To anyone who believes in guiding stars, it would be tempting to believe that Florence Knoll has always had one. Born as an only child in Saginaw, Mich., she was orphaned by the time she had finished elementary school. (Her father was an engineer.)
The young ‘Schu’ Schust’s guardian, a banker, sent her to Kingswood in Bloomfield Hills, the girls’ school that Eliel Saarinen had designed as part of the Cranbrook Foundation. Saarinen was then president of the foundation’s Academy of Art and his son, Eero, seven years older than Schu, was studying architecture at Yale.
While other girls in Kingswood were inclined to regard the building merely as a center for the school’s activities, young Schu became fascinated with the building itself. When the Saarinens learned of this interest they virtually adopted her and she went with them on their pilgrimages to Finland summer after summer. With Eliel Saarinen she began the study of architecture.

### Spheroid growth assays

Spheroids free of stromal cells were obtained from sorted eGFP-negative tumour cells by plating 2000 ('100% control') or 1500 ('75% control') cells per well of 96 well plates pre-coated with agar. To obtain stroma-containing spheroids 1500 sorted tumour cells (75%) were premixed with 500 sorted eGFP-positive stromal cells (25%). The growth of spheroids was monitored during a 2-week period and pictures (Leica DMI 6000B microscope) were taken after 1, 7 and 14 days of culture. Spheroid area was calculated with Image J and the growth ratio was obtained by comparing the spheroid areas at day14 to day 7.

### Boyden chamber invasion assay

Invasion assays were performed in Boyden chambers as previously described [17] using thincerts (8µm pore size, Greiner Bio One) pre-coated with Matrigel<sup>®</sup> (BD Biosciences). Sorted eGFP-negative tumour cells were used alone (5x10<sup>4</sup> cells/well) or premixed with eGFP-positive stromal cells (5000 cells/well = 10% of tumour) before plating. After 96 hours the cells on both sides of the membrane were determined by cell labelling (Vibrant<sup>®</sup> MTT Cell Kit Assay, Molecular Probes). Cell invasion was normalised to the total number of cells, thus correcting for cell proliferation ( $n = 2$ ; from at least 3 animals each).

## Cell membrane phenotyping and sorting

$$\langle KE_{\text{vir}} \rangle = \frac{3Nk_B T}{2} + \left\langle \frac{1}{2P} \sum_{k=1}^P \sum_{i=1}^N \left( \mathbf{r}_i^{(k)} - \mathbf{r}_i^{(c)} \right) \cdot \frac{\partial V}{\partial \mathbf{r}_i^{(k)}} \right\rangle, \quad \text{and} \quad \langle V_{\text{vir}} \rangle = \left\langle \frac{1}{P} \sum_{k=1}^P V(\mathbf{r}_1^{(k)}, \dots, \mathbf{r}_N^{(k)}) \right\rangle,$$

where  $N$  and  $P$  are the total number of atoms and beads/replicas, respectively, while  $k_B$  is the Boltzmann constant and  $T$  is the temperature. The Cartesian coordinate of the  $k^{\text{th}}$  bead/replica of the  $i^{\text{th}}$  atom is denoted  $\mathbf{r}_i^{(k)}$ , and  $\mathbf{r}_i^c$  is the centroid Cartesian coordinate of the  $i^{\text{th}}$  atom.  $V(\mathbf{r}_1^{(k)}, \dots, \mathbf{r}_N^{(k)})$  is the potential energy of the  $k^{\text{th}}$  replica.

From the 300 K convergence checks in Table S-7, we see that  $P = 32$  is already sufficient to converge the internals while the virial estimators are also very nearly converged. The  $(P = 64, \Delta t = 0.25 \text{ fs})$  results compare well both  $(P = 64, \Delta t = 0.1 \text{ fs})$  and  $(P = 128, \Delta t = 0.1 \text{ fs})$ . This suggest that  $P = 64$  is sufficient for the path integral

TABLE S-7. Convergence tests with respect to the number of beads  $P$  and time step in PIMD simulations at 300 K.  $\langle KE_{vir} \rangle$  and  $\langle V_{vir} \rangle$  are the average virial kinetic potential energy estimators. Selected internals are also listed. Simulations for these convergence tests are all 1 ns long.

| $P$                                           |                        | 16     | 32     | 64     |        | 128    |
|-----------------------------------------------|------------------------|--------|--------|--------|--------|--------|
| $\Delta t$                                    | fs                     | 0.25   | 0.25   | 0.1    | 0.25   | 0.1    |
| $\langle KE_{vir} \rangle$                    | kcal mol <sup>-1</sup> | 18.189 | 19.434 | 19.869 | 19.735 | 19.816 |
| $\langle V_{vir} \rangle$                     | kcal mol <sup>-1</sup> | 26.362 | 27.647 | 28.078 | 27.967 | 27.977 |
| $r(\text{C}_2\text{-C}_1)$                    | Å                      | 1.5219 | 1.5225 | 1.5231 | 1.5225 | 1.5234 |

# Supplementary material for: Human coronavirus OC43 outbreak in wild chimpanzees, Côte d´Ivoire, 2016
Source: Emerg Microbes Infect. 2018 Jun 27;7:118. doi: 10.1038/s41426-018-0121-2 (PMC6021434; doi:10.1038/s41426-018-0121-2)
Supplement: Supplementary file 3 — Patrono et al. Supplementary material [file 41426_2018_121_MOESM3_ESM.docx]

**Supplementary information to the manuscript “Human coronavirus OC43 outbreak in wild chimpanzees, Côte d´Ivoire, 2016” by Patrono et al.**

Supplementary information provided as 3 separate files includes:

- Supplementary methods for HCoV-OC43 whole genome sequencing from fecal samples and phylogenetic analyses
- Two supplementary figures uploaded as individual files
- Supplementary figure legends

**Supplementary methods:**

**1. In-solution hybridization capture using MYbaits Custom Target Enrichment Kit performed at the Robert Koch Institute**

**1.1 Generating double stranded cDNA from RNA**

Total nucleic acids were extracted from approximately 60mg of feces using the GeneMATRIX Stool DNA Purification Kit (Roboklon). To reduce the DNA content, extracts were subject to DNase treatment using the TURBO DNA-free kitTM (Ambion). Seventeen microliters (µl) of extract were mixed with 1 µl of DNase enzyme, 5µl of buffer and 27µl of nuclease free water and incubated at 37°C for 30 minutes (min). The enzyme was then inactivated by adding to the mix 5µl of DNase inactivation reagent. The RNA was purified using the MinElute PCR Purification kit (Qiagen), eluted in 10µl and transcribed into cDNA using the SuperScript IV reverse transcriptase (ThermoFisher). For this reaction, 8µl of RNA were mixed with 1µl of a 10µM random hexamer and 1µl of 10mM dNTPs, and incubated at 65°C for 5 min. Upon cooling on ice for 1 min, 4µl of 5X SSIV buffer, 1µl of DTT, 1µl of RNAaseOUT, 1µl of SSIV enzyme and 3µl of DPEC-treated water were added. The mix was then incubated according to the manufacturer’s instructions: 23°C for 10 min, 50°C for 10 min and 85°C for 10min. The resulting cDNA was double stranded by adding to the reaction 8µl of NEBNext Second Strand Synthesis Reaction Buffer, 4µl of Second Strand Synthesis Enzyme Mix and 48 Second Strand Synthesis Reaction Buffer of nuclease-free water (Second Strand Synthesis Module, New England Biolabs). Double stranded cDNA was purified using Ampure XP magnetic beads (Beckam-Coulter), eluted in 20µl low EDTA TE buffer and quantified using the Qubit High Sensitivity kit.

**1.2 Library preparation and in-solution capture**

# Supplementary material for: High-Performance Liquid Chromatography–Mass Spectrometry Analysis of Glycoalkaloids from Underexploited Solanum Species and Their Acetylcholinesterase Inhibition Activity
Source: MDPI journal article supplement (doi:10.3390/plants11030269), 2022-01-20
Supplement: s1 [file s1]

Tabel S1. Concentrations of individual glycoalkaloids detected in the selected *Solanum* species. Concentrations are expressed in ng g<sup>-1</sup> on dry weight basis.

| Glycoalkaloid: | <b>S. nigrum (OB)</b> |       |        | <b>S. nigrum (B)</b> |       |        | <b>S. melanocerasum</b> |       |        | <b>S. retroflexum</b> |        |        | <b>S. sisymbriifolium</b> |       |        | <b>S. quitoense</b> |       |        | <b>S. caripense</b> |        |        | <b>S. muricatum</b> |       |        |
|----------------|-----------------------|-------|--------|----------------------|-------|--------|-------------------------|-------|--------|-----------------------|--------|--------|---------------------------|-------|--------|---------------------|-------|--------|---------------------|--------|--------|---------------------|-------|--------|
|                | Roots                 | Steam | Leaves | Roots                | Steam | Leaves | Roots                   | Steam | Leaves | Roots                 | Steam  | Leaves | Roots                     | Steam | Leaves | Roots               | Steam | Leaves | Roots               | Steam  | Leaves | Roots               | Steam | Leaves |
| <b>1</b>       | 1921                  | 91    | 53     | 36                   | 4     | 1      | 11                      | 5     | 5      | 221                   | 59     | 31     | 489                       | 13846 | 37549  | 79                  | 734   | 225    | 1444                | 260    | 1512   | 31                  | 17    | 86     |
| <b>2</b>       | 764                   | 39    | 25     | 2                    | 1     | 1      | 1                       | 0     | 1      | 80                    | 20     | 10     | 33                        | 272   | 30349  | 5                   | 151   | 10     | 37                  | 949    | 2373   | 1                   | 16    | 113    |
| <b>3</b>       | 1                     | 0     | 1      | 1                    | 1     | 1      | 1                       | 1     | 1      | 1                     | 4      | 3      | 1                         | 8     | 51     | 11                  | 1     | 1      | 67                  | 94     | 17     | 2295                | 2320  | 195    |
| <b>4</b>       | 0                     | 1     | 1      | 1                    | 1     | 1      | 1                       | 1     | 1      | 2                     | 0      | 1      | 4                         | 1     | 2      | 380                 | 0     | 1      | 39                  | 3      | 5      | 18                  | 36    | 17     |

Then, in her own words, she “sampled various schools in Europe before settling down at the Architectural Association in London (the oldest school of architecture in the world). In her third year, World War II drove her home and she went for her degree to the Illinois Institute of Technology in Chicago, where Ludwig Mies van der Rohe was professor of architecture. She says now that she learned more from him than from anyone, and in fewer words.
Later she was to persuade him to grant the rights to reproduce his Barcelona chair to Knoll. Originally designed for the Barcelona Exposition in 1929, it is one of the true aristocrats of the Knoll line. Florence Schust worked in the offices of several New York architects and was with Harrison & Abramovitz when she met tall, handsome, dynamic Hans Knoll, who had come here from Germany by way of England and established in 1938 under his name a furniture company that was to promote modern design and create its own market. (It is generally agreed that, as an impresario and promoter of the avant-garde in his field, he has never been equaled.)
When he and Florence Schust were married in 1944, she entered the concern as a partner and set up the Knoll Planning Unite to handle the company’s interior—designing operations, heading the unit herself.